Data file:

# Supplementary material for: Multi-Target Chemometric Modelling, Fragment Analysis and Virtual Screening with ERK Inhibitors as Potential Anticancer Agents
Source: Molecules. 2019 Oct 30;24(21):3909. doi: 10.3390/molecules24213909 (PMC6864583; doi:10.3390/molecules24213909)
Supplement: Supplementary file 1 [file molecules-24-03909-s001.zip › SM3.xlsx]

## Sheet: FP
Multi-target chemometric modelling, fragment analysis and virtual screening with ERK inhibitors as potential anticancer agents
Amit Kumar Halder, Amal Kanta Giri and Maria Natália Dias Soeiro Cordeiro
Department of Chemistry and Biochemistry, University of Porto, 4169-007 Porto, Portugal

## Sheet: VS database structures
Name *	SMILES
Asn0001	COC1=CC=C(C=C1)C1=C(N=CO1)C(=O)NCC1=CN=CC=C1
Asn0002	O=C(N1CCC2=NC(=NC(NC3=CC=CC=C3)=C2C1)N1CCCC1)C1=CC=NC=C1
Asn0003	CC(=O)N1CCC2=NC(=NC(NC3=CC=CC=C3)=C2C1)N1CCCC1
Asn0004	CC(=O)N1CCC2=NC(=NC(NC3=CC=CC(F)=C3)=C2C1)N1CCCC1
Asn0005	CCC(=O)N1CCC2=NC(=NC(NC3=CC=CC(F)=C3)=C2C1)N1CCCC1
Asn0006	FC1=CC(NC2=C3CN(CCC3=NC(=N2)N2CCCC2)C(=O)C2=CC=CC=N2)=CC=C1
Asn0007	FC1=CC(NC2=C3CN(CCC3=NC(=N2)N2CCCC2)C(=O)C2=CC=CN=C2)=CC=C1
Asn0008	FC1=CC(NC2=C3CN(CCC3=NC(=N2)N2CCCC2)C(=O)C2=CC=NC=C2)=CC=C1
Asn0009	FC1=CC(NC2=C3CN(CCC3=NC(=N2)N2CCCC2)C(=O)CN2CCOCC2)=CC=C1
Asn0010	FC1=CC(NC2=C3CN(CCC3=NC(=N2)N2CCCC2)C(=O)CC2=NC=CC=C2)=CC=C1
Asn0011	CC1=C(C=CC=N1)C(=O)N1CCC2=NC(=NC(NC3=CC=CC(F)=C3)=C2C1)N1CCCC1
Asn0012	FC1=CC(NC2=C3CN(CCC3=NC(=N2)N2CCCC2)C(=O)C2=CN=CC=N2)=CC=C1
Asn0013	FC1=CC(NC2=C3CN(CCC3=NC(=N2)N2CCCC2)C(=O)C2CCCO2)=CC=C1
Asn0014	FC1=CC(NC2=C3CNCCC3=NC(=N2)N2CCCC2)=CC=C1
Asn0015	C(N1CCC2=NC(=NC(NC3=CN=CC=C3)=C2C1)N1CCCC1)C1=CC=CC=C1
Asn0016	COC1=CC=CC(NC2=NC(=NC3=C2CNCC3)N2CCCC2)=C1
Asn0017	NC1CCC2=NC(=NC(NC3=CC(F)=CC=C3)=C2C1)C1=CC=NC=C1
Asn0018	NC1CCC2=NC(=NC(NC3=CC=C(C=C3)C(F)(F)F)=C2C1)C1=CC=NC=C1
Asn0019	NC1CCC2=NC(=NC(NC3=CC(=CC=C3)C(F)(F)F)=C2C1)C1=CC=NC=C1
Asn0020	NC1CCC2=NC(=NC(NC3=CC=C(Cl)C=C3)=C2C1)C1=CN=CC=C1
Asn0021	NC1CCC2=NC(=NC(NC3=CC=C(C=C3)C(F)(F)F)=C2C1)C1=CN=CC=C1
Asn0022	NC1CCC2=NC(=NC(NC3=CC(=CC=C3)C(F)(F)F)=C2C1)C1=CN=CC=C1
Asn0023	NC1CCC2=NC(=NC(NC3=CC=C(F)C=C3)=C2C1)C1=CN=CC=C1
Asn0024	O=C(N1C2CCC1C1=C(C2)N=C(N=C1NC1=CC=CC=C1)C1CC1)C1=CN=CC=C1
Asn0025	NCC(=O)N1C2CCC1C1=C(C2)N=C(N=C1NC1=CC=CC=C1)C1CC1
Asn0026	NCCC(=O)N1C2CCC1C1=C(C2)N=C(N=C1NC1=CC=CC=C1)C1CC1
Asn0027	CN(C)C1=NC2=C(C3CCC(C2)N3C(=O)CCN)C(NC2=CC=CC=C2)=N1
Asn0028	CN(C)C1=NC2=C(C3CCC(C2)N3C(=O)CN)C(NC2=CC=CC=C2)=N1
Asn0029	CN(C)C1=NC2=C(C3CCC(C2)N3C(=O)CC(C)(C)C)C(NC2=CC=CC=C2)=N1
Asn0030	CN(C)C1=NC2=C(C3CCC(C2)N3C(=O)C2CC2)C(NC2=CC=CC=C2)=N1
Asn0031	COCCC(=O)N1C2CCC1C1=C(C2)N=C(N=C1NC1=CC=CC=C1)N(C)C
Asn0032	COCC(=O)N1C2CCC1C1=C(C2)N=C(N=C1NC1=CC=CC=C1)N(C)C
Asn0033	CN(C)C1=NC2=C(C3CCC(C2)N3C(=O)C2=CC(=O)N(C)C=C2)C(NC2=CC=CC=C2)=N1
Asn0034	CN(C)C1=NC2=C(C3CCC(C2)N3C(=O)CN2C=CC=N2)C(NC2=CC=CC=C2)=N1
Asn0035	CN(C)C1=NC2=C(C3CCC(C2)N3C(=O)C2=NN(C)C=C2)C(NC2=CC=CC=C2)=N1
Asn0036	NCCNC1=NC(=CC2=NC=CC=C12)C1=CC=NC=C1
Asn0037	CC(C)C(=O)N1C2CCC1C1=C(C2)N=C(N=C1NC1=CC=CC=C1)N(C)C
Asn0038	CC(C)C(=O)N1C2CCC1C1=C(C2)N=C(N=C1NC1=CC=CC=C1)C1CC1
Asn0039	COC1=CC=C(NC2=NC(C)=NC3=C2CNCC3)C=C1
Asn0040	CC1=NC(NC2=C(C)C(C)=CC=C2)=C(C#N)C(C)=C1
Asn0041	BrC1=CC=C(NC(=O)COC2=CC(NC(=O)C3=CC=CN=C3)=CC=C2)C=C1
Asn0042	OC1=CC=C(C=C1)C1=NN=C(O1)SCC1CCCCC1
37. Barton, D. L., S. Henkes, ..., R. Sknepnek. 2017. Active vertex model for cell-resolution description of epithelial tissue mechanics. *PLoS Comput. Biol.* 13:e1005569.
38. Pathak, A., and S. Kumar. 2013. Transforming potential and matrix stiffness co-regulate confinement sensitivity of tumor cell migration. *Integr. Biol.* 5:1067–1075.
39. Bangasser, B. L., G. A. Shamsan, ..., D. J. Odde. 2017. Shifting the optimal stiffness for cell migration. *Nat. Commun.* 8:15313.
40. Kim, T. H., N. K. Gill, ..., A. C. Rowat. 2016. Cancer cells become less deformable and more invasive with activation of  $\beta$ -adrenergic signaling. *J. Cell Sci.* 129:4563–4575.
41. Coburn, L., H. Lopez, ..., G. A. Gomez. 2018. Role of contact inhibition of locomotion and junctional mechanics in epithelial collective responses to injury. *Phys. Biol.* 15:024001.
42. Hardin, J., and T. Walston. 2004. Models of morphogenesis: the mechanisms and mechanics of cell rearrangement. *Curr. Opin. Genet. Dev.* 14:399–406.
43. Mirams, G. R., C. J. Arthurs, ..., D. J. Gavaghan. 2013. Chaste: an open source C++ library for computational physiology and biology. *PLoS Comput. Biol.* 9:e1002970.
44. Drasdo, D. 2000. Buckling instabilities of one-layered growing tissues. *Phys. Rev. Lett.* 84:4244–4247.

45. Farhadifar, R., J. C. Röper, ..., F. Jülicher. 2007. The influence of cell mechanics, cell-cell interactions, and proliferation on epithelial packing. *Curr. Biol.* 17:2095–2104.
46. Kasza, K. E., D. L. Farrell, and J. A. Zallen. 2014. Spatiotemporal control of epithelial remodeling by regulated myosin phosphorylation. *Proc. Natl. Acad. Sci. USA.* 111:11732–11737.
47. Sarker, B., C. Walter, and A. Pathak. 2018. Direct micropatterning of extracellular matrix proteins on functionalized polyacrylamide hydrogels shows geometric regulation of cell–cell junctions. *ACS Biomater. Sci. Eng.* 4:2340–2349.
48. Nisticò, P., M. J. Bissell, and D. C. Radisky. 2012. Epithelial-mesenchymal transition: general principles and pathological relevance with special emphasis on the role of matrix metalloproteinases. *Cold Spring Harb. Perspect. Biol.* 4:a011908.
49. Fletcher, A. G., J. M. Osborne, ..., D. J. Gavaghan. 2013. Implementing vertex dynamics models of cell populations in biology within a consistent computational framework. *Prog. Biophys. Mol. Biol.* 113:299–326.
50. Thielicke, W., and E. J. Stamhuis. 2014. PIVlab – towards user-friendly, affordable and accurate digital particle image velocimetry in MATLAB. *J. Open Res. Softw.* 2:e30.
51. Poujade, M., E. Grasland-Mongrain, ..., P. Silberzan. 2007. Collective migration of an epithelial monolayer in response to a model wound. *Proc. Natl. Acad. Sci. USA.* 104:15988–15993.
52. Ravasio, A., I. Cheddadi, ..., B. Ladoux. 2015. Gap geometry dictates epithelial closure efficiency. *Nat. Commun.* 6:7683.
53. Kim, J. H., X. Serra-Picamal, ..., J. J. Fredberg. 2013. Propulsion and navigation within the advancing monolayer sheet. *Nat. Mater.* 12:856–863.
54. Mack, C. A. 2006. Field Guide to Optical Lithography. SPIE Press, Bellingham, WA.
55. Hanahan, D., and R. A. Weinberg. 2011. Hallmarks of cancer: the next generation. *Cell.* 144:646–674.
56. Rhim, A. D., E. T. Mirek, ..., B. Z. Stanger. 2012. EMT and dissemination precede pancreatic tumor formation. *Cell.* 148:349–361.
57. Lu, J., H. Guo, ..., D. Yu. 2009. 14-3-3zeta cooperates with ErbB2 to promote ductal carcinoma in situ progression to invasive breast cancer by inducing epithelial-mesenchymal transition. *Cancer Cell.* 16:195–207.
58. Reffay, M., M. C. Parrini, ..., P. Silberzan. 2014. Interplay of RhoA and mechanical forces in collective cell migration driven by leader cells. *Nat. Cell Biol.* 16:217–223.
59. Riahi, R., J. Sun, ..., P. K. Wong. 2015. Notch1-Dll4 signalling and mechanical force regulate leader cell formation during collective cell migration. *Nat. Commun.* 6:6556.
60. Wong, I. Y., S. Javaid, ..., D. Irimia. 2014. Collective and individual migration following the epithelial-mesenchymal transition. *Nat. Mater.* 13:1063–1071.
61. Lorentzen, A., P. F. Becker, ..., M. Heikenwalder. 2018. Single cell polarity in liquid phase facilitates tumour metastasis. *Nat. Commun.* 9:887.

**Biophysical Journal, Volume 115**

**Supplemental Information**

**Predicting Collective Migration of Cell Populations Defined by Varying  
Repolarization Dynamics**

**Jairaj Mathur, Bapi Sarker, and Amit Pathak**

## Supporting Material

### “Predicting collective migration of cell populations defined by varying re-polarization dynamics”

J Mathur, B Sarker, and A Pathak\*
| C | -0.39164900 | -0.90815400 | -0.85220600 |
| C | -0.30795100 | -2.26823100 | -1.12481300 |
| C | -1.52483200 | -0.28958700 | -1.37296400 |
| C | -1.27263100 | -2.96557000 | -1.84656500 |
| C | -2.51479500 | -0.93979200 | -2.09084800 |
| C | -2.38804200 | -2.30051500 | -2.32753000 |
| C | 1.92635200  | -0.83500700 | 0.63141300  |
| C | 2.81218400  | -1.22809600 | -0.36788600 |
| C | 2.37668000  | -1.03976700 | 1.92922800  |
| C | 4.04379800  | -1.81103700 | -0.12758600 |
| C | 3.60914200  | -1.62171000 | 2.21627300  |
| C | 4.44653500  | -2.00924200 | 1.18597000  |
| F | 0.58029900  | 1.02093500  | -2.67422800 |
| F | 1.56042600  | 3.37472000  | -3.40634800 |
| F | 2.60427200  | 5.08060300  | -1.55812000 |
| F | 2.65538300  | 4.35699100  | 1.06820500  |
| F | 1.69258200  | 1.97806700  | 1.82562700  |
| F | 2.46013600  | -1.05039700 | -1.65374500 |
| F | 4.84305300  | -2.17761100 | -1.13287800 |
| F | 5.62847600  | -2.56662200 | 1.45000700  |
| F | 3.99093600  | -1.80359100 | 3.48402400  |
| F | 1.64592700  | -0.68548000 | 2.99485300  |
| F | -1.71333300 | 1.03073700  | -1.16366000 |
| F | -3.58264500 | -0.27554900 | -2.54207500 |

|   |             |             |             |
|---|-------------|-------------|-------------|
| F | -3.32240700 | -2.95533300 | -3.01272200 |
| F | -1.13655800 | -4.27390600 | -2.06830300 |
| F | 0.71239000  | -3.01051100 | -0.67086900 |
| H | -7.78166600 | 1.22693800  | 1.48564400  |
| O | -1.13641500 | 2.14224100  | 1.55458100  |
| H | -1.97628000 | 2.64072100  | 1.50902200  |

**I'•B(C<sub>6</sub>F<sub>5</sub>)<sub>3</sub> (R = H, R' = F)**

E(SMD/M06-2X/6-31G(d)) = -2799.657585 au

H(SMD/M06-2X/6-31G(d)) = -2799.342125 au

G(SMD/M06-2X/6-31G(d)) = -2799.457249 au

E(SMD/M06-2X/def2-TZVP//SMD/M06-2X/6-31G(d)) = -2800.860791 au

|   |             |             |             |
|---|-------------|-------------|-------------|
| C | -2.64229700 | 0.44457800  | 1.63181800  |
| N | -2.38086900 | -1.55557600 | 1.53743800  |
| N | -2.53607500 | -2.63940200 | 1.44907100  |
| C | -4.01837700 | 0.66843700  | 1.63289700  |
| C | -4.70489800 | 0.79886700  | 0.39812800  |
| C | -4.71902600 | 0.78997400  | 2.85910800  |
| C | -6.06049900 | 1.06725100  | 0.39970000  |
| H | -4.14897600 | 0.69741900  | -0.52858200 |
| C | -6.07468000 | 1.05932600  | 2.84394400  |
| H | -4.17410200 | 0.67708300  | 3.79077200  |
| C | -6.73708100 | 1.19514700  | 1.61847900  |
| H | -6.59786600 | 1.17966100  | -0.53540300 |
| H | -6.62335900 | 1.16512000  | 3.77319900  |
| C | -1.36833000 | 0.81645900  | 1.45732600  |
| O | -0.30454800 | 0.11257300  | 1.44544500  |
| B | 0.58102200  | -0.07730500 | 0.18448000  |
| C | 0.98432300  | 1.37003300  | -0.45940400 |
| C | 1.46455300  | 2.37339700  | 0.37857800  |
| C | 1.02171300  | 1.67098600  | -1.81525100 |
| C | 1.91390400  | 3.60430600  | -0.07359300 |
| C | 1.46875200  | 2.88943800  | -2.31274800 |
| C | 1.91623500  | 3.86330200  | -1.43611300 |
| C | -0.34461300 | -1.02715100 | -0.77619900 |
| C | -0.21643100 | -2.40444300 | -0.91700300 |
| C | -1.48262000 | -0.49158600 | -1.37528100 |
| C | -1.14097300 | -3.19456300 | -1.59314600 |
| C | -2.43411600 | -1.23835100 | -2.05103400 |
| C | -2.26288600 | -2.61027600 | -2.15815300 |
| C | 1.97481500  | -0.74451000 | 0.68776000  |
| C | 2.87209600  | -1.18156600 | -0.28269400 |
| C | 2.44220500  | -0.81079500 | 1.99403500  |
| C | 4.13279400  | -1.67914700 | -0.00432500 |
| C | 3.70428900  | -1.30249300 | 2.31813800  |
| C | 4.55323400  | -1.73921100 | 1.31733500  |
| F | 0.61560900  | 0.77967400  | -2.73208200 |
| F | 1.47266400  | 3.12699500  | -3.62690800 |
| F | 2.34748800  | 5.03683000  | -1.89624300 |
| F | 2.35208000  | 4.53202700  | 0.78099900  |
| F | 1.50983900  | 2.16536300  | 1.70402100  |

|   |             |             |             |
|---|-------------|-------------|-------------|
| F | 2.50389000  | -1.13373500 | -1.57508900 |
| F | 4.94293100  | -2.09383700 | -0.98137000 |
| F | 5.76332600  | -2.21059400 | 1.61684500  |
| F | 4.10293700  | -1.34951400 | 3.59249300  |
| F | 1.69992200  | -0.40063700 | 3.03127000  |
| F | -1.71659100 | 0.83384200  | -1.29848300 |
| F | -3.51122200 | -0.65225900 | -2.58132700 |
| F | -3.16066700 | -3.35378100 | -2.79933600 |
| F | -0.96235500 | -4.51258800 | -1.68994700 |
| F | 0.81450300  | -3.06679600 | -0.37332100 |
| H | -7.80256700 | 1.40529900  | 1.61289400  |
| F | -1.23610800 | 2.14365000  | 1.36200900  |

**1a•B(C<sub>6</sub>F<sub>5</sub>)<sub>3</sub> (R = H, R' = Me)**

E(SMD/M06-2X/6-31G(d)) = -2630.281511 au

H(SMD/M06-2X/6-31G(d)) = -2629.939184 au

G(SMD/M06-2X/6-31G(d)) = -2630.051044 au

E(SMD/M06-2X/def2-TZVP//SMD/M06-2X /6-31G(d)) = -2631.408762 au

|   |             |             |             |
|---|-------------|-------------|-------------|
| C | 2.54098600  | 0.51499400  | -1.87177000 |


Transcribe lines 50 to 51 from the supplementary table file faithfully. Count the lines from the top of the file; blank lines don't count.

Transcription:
Asn0041	BrC1=CC=C(NC(=O)COC2=CC(NC(=O)C3=CC=CN=C3)=CC=C2)C=C1
Asn0042	OC1=CC=C(C=C1)C1=NN=C(O1)SCC1CCCCC1